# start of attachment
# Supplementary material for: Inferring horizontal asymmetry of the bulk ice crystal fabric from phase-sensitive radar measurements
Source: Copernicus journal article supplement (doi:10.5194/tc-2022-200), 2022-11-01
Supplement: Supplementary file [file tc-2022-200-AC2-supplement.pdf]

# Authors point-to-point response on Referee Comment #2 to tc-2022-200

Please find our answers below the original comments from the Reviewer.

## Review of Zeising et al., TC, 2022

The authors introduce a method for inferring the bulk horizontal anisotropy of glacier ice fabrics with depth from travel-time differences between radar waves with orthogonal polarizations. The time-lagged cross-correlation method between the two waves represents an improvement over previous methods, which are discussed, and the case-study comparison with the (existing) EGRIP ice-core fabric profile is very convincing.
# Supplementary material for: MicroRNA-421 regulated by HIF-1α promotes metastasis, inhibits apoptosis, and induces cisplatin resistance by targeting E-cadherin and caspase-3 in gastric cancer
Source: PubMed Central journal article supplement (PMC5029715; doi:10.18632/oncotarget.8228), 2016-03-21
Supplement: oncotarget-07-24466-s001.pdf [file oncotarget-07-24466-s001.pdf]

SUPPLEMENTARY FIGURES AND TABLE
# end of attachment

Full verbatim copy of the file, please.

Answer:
# Supplementary material for: Inferring horizontal asymmetry of the bulk ice crystal fabric from phase-sensitive radar measurements
Source: Copernicus journal article supplement (doi:10.5194/tc-2022-200), 2022-11-01
Supplement: Supplementary file [file tc-2022-200-AC2-supplement.pdf]

# Authors point-to-point response on Referee Comment #2 to tc-2022-200

Please find our answers below the original comments from the Reviewer.

## Review of Zeising et al., TC, 2022

The authors introduce a method for inferring the bulk horizontal anisotropy of glacier ice fabrics with depth from travel-time differences between radar waves with orthogonal polarizations. The time-lagged cross-correlation method between the two waves represents an improvement over previous methods, which are discussed, and the case-study comparison with the (existing) EGRIP ice-core fabric profile is very convincing.
# Supplementary material for: MicroRNA-421 regulated by HIF-1α promotes metastasis, inhibits apoptosis, and induces cisplatin resistance by targeting E-cadherin and caspase-3 in gastric cancer
Source: PubMed Central journal article supplement (PMC5029715; doi:10.18632/oncotarget.8228), 2016-03-21
Supplement: oncotarget-07-24466-s001.pdf [file oncotarget-07-24466-s001.pdf]

SUPPLEMENTARY FIGURES AND TABLE